Chertoff Credibility Issues
Cross-posted at my new location, Ohio Daily Blog:
It now appears that the positioning of Homeland Security Secretary Michael Chertoff as a nominee to replace Attorney General Alberto Gonzales was a mere feint or ploy, but if Chertoff does become the nominee he will face stiff challenges to his credility. Mark Benjamin writes in Salon today that Chertoff mischaracterized Pentagon interrogation methods in testimony before Congress:
Just as Gonzales, under oath before Congress, failed to recall whether there was dissension within the Bush administration over a controversial war-on-terror-related policy, so Michael Chertoff seems to have suffered a similar lapse of memory while under oath before Congress when pressed on a different terror-related policy. Gonzales pleaded ignorance of a rift within the administration over warrantless wiretapping; Chertoff has denied knowledge of interrogation techniques that are tantamount to torture, despite regular attendance by his top aides at meetings on the subject.In a similar vein, David Fiderer on Huffington Post details false statements by Chertoff in Congressional testimony about Katrina, including referring four times to non-existent newspaper headlines that said 'New Orleans Dodged the Bullet.'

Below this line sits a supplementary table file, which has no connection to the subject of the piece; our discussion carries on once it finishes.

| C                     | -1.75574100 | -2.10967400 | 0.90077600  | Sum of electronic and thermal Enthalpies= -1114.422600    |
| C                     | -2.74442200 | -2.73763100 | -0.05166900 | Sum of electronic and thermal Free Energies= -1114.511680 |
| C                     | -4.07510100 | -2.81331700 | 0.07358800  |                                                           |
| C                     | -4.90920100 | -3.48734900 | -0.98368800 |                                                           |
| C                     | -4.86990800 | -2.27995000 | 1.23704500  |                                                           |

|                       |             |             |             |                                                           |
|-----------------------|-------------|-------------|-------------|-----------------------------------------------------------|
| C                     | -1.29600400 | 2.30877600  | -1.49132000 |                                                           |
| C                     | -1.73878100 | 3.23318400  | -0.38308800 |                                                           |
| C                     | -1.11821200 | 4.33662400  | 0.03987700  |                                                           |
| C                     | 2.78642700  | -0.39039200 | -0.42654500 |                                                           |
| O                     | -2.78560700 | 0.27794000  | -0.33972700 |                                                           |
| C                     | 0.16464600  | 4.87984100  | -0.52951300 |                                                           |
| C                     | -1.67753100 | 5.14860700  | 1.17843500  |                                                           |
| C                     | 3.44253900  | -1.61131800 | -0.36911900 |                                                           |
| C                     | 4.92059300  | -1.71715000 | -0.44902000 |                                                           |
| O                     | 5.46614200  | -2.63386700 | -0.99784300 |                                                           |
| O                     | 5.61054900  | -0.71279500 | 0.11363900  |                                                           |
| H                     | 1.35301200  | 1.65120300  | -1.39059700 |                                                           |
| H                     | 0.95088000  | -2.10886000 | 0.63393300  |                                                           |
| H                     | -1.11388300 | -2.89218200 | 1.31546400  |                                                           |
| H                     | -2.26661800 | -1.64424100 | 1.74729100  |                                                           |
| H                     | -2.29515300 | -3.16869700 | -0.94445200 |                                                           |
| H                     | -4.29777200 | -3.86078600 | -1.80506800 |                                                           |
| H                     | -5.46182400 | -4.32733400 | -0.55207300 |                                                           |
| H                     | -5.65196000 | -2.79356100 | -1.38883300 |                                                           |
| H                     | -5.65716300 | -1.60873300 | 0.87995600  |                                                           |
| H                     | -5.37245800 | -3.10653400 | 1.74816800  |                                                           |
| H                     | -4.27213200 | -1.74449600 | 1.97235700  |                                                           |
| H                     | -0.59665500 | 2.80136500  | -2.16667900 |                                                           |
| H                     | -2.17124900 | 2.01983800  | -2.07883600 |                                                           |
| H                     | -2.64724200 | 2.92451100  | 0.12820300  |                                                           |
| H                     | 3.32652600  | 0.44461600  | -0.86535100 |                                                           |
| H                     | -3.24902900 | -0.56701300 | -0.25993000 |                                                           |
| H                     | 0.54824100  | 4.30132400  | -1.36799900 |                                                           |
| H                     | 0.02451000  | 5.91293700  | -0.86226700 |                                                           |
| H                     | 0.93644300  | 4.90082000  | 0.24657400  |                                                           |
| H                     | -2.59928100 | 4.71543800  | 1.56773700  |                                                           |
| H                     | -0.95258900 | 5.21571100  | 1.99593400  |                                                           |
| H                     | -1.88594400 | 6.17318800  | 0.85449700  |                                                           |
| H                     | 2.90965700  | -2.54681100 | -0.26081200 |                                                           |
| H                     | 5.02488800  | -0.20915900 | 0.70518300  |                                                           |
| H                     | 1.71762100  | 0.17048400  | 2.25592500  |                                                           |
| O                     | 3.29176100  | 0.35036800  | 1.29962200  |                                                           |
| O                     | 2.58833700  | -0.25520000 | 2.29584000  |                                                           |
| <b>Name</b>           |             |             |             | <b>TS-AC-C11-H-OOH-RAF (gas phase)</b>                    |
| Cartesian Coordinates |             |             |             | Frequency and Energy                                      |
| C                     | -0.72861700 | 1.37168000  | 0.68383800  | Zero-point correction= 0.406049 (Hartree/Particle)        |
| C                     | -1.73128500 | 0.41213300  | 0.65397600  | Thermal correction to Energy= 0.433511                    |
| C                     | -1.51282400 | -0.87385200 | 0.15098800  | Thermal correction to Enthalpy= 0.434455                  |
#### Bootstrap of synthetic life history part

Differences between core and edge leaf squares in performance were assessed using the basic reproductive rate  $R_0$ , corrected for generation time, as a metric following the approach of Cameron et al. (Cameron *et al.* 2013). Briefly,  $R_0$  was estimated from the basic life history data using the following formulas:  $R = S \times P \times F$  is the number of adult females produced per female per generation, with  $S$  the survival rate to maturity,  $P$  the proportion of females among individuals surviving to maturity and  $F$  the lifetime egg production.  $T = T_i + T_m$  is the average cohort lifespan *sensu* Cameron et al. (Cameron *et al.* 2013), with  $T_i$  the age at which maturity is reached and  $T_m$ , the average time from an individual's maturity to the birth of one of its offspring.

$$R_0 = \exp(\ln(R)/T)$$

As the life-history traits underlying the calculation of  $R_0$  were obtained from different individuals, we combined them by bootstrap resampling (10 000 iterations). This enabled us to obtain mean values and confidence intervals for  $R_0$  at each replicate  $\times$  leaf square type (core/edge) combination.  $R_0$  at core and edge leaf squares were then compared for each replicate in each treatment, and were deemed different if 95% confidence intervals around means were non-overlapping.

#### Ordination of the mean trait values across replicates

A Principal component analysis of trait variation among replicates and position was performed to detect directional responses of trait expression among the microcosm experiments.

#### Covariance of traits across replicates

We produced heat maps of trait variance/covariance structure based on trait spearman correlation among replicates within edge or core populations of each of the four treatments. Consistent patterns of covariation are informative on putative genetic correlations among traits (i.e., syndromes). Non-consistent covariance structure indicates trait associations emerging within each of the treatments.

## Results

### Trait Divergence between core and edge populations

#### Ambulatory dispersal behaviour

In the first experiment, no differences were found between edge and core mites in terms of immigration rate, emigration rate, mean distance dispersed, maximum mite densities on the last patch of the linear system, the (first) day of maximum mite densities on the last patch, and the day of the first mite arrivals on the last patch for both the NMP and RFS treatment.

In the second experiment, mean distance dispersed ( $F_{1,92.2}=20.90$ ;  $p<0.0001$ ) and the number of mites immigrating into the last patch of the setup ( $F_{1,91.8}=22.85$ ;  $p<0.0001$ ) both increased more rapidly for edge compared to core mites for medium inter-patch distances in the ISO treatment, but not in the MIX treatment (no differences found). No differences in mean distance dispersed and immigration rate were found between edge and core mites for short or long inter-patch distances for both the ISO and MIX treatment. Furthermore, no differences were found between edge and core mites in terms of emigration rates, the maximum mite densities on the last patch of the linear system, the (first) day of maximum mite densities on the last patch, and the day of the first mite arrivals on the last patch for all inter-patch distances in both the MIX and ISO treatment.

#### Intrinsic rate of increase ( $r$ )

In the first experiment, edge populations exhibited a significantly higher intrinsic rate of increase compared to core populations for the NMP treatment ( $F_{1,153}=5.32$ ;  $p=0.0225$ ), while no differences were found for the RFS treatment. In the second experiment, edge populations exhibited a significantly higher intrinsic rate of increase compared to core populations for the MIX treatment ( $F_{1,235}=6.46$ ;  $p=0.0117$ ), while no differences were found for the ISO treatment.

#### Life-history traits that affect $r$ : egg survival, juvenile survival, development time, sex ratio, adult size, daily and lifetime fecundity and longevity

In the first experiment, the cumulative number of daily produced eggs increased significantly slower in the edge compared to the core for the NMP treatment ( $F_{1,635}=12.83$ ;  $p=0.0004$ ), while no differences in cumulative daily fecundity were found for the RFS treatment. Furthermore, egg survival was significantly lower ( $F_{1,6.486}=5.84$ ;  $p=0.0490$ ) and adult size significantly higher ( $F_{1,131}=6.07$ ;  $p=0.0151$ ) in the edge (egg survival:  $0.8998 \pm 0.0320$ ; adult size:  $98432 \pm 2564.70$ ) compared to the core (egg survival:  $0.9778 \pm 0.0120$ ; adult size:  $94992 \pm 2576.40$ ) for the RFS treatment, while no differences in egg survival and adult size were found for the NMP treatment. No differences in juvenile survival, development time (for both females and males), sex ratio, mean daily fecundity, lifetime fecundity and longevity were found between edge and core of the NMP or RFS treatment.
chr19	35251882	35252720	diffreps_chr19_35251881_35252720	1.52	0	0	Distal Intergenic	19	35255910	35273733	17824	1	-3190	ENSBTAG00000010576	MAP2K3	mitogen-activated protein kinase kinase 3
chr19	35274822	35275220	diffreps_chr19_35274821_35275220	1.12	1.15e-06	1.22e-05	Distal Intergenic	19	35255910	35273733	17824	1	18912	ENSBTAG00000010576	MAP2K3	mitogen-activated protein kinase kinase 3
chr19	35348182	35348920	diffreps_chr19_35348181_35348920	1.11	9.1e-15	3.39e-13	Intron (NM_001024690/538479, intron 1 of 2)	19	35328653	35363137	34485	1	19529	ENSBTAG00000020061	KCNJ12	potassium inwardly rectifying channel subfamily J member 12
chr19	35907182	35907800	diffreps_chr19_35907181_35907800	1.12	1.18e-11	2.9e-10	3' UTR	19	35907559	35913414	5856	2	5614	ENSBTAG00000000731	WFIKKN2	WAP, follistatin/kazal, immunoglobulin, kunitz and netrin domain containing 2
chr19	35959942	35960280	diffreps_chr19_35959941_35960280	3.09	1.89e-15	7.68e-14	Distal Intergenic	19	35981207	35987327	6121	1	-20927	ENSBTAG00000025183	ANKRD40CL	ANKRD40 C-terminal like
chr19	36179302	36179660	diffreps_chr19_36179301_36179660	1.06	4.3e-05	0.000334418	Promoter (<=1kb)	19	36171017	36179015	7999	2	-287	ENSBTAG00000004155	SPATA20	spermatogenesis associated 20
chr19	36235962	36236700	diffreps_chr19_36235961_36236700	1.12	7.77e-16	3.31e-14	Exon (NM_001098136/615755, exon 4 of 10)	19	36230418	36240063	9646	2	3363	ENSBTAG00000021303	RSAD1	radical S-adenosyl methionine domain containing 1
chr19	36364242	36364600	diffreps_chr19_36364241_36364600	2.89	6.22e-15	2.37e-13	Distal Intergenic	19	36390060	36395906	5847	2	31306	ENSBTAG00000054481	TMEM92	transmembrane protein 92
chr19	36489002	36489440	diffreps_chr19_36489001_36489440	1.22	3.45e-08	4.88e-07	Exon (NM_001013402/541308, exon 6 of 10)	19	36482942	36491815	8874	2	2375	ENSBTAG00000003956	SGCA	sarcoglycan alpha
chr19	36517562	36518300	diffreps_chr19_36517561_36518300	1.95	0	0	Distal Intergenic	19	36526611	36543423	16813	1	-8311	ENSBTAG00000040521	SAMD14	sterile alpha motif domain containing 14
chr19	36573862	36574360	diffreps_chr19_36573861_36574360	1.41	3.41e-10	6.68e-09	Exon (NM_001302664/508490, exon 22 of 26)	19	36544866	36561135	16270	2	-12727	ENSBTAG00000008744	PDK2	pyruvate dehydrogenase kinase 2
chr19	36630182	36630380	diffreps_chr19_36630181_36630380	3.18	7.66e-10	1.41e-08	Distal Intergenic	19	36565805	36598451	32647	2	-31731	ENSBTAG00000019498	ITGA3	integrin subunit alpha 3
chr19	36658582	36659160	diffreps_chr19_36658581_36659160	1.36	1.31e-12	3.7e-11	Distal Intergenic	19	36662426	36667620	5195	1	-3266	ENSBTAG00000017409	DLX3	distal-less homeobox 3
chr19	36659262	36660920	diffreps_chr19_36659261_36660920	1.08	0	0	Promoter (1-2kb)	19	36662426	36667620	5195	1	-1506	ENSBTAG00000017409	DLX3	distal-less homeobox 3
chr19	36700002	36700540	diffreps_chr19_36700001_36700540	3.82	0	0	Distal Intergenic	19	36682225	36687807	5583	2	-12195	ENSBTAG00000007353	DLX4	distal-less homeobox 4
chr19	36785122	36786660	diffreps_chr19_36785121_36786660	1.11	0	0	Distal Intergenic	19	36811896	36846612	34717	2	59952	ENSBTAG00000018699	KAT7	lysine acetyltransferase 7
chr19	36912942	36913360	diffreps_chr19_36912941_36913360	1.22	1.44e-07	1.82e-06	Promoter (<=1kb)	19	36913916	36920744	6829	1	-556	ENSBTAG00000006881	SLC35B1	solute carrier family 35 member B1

"If Mr. Chertoff is nominated, the Senate needs to ask him some very tough questions about what he knew about the abuses at Guantánamo," said Hina Shamsi from Human Rights First.
Although Gonzales has been roundly criticized for a variety of failings, the flaw that weighed most heavily in eventually sinking him was his inability to speak plainly and truthfully to Congress. With that backdrop, these credibility issues would almost certainly doom a Chertoff nomination.